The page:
MEXICO CITY -- Riot police swept thousands of striking teachers out of the heart of Mexico City on Friday, driving protesters through the streets with tear gas and water cannons in a swift end to the weekslong occupation of the Zocalo plaza over overhauls to the dysfunctional national education system.
It was a dramatic reassertion of state authority after weeks of near-constant disruption in the center of one of the world's largest cities. The teachers have marched through the capital at least 15 times over the last two months, decrying President Enrique Pena Nieto's plan to break union control of education with a new system of standardized teacher testing that become law Tuesday.
Authorities did not immediately report any injuries. Federal police Chief Manuel Mondragon said more than 20 demonstrators were arrested.
The teachers' demonstrations have slowed passage of Mr. Pena Nieto's education overhaul and the pace of his wider agenda of structural overhauls, which seeks to re-engineer some of Mexico's worst-run institutions, including the weak tax-collection system and underperforming state oil company.
Mr. Pena Nieto will almost certainly gain significant political capital if the Friday afternoon operation, led by federal instead of city police, definitively ends the demonstrations that have snarled traffic for weeks in Mexico City.
There was additional pressure to clear the Zocalo where the teachers had been camping out before the president's first traditional Independence Day celebration in the massive colonial-era square Sunday and Monday.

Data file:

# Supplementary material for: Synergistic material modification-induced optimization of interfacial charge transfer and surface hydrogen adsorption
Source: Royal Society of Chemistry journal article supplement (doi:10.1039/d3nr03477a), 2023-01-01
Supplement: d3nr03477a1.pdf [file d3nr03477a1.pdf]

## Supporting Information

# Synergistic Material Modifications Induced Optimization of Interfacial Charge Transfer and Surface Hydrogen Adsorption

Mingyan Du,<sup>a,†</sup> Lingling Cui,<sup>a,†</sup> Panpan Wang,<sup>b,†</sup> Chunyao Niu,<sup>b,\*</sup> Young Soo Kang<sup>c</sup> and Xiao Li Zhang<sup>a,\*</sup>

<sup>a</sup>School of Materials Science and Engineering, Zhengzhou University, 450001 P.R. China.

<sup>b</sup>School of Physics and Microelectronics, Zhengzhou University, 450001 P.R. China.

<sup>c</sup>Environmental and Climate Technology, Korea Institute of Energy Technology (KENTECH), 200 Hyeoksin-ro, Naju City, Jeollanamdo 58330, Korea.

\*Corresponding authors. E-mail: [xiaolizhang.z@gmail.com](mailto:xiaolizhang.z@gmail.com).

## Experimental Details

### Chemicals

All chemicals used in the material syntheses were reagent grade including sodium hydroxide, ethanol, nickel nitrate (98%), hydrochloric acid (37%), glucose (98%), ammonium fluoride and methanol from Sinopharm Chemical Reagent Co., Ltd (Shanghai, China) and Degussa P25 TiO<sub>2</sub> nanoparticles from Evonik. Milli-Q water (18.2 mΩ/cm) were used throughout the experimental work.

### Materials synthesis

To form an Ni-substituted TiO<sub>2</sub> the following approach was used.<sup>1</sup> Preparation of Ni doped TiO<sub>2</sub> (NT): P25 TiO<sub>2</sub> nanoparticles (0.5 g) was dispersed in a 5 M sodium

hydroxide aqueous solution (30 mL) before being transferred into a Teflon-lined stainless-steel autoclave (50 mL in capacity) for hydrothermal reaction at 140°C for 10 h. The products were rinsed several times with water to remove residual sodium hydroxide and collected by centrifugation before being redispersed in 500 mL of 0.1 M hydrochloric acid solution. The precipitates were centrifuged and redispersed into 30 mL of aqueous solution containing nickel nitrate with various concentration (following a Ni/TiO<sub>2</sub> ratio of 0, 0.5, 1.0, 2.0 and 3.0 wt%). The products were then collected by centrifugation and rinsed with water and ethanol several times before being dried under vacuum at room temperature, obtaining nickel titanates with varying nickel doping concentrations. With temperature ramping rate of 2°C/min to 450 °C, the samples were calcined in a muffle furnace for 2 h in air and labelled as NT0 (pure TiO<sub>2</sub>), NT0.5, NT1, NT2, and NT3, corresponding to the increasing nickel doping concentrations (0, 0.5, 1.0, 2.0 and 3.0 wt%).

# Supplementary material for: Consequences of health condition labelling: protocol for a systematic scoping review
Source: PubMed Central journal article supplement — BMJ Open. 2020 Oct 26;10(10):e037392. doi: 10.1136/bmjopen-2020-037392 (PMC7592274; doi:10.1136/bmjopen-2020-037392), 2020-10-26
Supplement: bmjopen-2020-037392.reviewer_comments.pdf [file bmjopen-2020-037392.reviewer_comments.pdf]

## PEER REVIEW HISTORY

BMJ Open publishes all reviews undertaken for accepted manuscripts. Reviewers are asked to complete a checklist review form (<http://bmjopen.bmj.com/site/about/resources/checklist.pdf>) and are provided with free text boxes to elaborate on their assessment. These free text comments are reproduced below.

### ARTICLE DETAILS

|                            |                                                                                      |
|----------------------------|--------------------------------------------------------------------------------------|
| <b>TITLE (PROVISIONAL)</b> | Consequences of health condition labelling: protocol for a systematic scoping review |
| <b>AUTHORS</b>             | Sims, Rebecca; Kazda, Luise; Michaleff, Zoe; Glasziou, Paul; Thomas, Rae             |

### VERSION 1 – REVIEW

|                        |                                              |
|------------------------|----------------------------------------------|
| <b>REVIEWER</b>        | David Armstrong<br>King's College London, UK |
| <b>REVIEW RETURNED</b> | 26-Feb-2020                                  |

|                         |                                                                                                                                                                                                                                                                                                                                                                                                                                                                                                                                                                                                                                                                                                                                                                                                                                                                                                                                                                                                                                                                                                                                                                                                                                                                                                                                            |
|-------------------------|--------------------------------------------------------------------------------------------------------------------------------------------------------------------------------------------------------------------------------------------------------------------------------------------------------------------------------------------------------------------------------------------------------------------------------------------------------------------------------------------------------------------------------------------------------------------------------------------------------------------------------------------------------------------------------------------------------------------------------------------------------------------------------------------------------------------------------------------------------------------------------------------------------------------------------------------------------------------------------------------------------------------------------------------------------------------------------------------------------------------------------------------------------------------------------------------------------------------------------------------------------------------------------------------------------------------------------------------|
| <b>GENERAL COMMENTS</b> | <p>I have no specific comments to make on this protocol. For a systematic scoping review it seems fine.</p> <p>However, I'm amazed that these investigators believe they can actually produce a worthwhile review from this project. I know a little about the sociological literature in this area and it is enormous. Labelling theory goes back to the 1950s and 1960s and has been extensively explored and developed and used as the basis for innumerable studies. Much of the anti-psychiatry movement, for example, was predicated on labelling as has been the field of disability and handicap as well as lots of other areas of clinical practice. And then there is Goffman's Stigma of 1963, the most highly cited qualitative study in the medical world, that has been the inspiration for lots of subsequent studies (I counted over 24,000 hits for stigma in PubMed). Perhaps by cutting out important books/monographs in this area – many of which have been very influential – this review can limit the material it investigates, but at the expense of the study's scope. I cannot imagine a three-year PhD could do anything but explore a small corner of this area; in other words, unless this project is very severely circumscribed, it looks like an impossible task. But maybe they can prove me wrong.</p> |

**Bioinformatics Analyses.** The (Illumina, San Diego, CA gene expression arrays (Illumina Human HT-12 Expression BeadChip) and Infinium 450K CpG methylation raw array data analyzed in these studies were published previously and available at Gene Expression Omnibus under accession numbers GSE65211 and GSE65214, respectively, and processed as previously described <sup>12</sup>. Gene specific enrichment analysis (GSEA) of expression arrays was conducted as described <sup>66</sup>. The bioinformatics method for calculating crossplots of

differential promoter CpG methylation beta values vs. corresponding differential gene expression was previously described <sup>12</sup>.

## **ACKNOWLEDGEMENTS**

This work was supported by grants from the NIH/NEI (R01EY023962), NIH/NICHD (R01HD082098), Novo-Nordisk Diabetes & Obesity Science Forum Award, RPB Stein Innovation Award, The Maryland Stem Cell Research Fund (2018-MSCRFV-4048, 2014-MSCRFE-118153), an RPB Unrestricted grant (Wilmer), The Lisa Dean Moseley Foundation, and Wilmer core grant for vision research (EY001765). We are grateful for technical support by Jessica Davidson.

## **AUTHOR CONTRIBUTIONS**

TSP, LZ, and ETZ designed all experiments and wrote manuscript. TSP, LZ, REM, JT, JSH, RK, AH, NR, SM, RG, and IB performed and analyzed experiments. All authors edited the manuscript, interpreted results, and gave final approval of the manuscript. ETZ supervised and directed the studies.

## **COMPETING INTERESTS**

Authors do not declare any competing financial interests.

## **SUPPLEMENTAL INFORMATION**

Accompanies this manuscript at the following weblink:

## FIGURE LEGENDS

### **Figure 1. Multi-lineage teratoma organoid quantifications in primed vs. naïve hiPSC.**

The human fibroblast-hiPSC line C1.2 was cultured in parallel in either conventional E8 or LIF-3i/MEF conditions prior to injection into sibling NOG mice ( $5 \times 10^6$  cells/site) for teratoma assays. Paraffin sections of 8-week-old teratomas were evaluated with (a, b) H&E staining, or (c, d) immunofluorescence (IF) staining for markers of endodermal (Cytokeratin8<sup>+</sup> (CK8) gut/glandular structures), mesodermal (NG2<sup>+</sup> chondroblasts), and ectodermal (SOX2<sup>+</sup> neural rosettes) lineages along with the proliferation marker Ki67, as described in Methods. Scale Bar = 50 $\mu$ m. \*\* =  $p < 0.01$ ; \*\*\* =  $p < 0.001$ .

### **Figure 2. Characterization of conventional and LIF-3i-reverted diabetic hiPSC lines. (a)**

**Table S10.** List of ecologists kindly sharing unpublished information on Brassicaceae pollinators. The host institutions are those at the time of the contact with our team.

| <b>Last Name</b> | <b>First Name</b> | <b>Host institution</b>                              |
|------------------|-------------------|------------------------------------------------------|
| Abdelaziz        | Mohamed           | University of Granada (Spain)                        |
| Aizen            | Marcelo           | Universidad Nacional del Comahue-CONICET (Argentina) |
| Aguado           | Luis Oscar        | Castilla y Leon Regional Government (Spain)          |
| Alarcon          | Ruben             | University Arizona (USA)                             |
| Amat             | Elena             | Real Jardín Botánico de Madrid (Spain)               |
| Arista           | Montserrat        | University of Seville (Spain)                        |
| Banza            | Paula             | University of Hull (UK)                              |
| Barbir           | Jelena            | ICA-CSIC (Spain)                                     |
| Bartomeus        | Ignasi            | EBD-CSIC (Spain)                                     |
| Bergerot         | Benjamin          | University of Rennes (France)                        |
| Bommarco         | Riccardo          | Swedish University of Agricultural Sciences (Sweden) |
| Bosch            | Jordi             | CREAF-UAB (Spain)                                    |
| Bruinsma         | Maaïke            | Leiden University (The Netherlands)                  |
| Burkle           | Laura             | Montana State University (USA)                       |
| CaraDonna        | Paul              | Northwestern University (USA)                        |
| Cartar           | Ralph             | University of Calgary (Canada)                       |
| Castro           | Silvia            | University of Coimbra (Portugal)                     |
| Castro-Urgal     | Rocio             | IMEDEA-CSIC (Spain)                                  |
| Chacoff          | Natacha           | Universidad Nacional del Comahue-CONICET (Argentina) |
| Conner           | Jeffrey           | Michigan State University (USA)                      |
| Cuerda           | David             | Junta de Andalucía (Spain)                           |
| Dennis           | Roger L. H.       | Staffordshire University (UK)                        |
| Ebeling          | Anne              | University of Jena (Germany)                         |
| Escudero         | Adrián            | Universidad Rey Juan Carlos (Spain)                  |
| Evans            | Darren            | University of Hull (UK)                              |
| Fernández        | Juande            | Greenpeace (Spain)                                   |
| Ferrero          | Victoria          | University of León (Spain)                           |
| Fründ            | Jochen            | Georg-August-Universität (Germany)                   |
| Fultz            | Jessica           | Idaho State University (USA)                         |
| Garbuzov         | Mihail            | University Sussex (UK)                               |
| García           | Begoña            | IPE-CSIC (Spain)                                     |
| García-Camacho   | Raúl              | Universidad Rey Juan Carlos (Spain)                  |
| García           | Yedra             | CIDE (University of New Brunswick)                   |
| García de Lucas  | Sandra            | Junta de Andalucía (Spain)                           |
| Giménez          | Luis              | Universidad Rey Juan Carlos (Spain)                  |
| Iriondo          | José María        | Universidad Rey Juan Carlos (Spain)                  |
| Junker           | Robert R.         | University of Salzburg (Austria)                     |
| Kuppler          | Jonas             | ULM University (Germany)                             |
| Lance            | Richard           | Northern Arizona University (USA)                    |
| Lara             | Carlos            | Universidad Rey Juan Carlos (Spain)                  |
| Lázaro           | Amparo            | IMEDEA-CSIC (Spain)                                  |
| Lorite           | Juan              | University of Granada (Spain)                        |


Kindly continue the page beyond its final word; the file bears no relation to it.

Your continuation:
The confrontation erupted after the teachers armed themselves with metal pipes and blocked off the Zocalo with steel grates and plastic traffic dividers, threatening to scuttle the Independence Day gathering. The government responded that celebrations, including the president's shout of independence from a balcony of the National Palace overlooking the Zocalo, would take place in the square as scheduled Sunday night.
Mr. Pena Nieto's new standardized system of test-based hiring and promotion would give the government the tools to break teachers unions' near-total control of school staffing. That control includes the corrupt sale and inheritance of teaching jobs, and it has been widely blamed for much of the poor performance of Mexican schools, which have higher relative costs and worse results than any other in the 34-nation Organization for Economic Cooperation and Development.
With the education overhauls now law, the teachers say they are trying to maintain pressure to protect their rights and privileges as the government puts the changes into effect and reduces union control over teacher hiring and assignment.
The protests were being led by the National Education Workers Coordinating Committee, the smaller of the country's two main teachers unions. The larger union has supported Mr. Pena Nieto's overhaul.